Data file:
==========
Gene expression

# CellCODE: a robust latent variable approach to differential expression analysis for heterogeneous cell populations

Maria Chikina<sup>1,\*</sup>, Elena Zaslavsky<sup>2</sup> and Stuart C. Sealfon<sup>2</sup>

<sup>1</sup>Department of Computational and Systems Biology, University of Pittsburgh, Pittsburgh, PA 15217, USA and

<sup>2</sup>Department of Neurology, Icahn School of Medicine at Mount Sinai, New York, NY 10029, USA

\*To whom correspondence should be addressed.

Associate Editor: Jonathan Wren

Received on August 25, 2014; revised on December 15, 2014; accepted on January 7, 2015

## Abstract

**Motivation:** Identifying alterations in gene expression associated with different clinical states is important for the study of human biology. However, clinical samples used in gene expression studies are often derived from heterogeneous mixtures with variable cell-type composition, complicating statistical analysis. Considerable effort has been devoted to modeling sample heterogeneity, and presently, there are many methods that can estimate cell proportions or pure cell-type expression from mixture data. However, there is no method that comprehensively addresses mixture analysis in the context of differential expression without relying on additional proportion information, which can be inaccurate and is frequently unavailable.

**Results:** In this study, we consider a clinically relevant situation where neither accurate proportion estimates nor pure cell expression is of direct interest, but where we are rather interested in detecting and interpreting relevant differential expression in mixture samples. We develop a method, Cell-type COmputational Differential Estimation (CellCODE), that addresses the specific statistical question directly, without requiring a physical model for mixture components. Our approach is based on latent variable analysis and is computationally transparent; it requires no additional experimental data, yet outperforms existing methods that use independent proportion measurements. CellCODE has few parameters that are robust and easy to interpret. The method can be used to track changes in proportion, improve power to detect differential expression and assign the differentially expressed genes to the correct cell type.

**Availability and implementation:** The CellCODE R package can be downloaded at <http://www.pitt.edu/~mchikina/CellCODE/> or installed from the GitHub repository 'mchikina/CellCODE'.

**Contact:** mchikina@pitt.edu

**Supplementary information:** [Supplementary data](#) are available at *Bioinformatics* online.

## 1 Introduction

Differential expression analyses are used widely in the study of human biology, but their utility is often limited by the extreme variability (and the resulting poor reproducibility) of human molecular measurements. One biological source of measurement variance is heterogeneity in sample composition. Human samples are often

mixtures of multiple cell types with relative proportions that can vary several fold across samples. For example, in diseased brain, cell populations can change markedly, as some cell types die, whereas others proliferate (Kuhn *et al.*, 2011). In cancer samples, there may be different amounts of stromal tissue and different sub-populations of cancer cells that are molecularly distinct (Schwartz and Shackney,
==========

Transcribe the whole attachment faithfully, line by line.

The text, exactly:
Gene expression

# CellCODE: a robust latent variable approach to differential expression analysis for heterogeneous cell populations

Maria Chikina<sup>1,\*</sup>, Elena Zaslavsky<sup>2</sup> and Stuart C. Sealfon<sup>2</sup>

<sup>1</sup>Department of Computational and Systems Biology, University of Pittsburgh, Pittsburgh, PA 15217, USA and

<sup>2</sup>Department of Neurology, Icahn School of Medicine at Mount Sinai, New York, NY 10029, USA

\*To whom correspondence should be addressed.

Associate Editor: Jonathan Wren

Received on August 25, 2014; revised on December 15, 2014; accepted on January 7, 2015

## Abstract

**Motivation:** Identifying alterations in gene expression associated with different clinical states is important for the study of human biology. However, clinical samples used in gene expression studies are often derived from heterogeneous mixtures with variable cell-type composition, complicating statistical analysis. Considerable effort has been devoted to modeling sample heterogeneity, and presently, there are many methods that can estimate cell proportions or pure cell-type expression from mixture data. However, there is no method that comprehensively addresses mixture analysis in the context of differential expression without relying on additional proportion information, which can be inaccurate and is frequently unavailable.

**Results:** In this study, we consider a clinically relevant situation where neither accurate proportion estimates nor pure cell expression is of direct interest, but where we are rather interested in detecting and interpreting relevant differential expression in mixture samples. We develop a method, Cell-type COmputational Differential Estimation (CellCODE), that addresses the specific statistical question directly, without requiring a physical model for mixture components. Our approach is based on latent variable analysis and is computationally transparent; it requires no additional experimental data, yet outperforms existing methods that use independent proportion measurements. CellCODE has few parameters that are robust and easy to interpret. The method can be used to track changes in proportion, improve power to detect differential expression and assign the differentially expressed genes to the correct cell type.

**Availability and implementation:** The CellCODE R package can be downloaded at <http://www.pitt.edu/~mchikina/CellCODE/> or installed from the GitHub repository 'mchikina/CellCODE'.

**Contact:** mchikina@pitt.edu

**Supplementary information:** [Supplementary data](#) are available at *Bioinformatics* online.

## 1 Introduction

Differential expression analyses are used widely in the study of human biology, but their utility is often limited by the extreme variability (and the resulting poor reproducibility) of human molecular measurements. One biological source of measurement variance is heterogeneity in sample composition. Human samples are often

mixtures of multiple cell types with relative proportions that can vary several fold across samples. For example, in diseased brain, cell populations can change markedly, as some cell types die, whereas others proliferate (Kuhn *et al.*, 2011). In cancer samples, there may be different amounts of stromal tissue and different sub-populations of cancer cells that are molecularly distinct (Schwartz and Shackney,